14. Several witnesses confirmed that various mushroom hunters searched along the wooded broken wire fence in the disputed area and other persons hunted for wildlife, deer and rabbit, in addition to Plaintiffs Knauff seeking butternut seeds and monitoring the growth of a butternut tree at the north end of the broken wire fence. Exclusive control of the disputed area by Plaintiffs Knauff is reasonably challenged by this evidence and testimony.
Appellant's App. at 12. The trial court therefore concluded: “10. Thus use of the marsh ground, woods and wetlands [part of the disputed area] was occasional by Plaintiffs Knauff and was not exclusive․” Id. at 14.
Here, the disputed area is a mixed use parcel. The evidence shows that the Knauffs used part of the disputed area for farming, although the size of the tillable portion changed from year to year. They also used part of the unfarmed portion to monitor a butternut tree. But the evidence also shows that others used the area, too, for hunting mushrooms and wild game. Harry Knauff testified that it was hard to keep the mushroom hunters out, but he did not testify that he tried to exclude or chase off mushroom hunters or anyone else from the property. The trial court concluded that the Knauffs failed to show control of the disputed area necessary to establish adverse possession because others had also used the area for hunting game and mushrooms. We may or may not have considered such occasional use by others to be inconsistent with establishing the control element of adverse possession under the circumstances presented in this case. But we cannot say that the trial court's conclusion on this point is clearly erroneous, which is our standard of review on appeal.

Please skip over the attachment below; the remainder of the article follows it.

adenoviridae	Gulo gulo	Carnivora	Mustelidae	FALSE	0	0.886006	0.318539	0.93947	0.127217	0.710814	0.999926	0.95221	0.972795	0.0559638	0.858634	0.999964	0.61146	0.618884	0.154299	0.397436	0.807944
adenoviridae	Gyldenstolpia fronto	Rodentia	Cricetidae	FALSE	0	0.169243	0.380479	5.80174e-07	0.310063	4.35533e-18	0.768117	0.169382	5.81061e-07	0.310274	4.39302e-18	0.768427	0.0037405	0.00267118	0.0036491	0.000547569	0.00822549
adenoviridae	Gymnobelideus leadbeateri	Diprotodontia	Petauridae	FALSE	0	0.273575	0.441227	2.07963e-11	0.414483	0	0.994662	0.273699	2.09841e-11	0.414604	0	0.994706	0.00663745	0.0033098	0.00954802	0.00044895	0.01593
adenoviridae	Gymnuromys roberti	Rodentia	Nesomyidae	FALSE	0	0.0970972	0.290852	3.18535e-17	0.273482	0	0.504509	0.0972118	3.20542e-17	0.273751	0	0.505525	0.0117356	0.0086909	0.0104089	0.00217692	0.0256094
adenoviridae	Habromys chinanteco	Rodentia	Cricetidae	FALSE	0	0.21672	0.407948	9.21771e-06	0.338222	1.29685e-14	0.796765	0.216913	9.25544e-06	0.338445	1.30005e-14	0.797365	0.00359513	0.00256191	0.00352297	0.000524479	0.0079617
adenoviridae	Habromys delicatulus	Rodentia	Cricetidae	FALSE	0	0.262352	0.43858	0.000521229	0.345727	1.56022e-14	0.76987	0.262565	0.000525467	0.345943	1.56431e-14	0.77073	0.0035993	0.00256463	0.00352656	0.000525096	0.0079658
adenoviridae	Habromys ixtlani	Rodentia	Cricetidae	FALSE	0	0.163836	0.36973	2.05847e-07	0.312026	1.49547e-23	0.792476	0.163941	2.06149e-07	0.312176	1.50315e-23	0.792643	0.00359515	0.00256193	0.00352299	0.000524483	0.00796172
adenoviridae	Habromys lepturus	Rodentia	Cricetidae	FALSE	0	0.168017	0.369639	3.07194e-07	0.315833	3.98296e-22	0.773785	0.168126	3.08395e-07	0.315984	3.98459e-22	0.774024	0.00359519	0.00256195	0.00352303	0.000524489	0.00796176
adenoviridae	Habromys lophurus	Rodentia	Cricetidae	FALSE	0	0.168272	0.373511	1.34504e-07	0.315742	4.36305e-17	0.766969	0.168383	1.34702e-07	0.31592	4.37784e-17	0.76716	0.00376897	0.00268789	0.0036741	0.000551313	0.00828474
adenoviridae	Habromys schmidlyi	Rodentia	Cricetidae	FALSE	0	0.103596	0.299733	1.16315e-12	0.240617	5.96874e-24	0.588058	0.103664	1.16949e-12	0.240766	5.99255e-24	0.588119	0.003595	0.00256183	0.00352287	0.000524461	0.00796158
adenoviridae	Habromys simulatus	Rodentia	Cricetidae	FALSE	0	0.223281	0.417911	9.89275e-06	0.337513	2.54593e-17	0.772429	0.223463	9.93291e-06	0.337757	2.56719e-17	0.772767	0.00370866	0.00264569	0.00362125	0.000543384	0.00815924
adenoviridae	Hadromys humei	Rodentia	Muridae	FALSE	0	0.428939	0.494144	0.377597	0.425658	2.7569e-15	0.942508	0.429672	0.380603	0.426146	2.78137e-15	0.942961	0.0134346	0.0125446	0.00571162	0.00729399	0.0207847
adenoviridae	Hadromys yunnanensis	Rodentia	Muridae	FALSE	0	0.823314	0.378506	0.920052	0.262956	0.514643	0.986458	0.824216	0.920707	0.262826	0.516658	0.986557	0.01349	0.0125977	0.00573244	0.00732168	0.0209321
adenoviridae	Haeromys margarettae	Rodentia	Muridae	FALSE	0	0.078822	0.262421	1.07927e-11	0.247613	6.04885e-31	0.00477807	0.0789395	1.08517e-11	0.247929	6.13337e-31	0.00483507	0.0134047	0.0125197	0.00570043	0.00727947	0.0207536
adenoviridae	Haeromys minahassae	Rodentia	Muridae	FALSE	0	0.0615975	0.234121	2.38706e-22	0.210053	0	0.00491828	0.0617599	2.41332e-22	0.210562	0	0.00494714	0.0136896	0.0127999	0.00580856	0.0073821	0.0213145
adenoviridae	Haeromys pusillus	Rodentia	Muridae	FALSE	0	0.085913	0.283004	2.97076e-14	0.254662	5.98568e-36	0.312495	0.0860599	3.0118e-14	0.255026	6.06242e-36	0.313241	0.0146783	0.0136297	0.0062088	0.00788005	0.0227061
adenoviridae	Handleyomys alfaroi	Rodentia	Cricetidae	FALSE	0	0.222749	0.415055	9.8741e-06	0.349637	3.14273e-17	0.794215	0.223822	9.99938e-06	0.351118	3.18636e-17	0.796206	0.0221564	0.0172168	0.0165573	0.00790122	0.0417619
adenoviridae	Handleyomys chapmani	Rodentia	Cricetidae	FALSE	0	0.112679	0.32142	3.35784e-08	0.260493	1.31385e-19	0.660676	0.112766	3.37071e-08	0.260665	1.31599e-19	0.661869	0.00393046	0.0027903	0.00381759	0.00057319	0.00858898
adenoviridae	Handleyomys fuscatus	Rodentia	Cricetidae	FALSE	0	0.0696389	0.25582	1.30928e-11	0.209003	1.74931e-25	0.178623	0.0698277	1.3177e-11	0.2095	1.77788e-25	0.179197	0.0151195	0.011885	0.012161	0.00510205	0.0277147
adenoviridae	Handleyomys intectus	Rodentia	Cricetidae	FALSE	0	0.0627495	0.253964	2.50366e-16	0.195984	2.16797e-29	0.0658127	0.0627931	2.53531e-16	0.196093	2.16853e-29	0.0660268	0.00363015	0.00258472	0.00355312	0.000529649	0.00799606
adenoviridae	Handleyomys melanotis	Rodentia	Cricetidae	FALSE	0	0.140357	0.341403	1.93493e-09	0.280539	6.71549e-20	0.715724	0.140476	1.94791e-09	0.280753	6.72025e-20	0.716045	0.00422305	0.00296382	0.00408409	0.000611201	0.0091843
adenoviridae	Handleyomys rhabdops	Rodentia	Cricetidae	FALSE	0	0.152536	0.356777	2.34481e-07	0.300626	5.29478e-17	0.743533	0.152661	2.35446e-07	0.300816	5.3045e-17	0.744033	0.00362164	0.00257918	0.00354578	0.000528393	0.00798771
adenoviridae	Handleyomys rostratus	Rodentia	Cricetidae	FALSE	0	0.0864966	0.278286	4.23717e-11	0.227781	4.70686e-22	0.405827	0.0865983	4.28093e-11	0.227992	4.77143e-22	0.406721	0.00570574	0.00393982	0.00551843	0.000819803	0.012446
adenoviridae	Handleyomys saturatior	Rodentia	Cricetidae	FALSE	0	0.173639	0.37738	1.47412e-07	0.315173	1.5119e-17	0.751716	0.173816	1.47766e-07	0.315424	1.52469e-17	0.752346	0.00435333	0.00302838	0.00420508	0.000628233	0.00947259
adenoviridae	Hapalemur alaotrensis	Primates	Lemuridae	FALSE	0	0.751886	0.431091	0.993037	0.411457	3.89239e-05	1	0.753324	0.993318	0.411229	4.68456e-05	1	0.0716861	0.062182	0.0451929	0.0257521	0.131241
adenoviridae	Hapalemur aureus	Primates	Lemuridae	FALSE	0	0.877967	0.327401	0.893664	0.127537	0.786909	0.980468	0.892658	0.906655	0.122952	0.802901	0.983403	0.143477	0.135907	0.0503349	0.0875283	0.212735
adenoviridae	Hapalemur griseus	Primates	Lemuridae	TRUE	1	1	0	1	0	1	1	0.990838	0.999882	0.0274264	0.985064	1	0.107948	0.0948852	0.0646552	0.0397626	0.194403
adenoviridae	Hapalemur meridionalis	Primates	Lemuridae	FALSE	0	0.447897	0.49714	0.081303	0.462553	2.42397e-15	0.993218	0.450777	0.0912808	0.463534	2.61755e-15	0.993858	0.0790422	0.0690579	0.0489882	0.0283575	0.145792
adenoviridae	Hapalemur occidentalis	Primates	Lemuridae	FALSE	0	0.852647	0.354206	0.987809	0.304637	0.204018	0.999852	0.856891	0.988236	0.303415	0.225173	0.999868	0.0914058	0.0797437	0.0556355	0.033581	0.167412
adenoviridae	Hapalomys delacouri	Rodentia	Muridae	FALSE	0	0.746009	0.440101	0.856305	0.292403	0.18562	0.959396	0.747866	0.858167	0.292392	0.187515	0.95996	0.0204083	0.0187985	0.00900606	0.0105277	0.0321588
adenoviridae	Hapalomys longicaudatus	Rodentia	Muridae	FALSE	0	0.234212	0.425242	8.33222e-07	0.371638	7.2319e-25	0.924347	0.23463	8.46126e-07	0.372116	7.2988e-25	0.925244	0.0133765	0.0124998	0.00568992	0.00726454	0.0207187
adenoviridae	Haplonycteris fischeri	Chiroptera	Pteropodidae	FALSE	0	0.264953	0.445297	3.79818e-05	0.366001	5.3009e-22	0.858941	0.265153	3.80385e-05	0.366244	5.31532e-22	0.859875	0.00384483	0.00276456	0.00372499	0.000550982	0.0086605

Again, failure to establish any one element of an adverse possession claim defeats the claim. Fraley, 829 N.E.2d at 476. The Knauffs have not shown that the trial court clearly erred when it concluded that they failed to establish the control element of adverse possession. Thus, we need not consider whether they have established any other elements of adverse possession. As such, the Knauffs have not shown that the trial court erred when it entered judgment in favor of the Hovermales on the Knauffs' complaint seeking a declaratory judgment, to quiet title in the disputed area, and seeking damages for trespass on the disputed area.
MAY, J., concurs. KIRSCH, J., dissents without opinion.
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Docket No: No. 52A05–1111–PL–584.
Decided: October 24, 2012
Court: Court of Appeals of Indiana.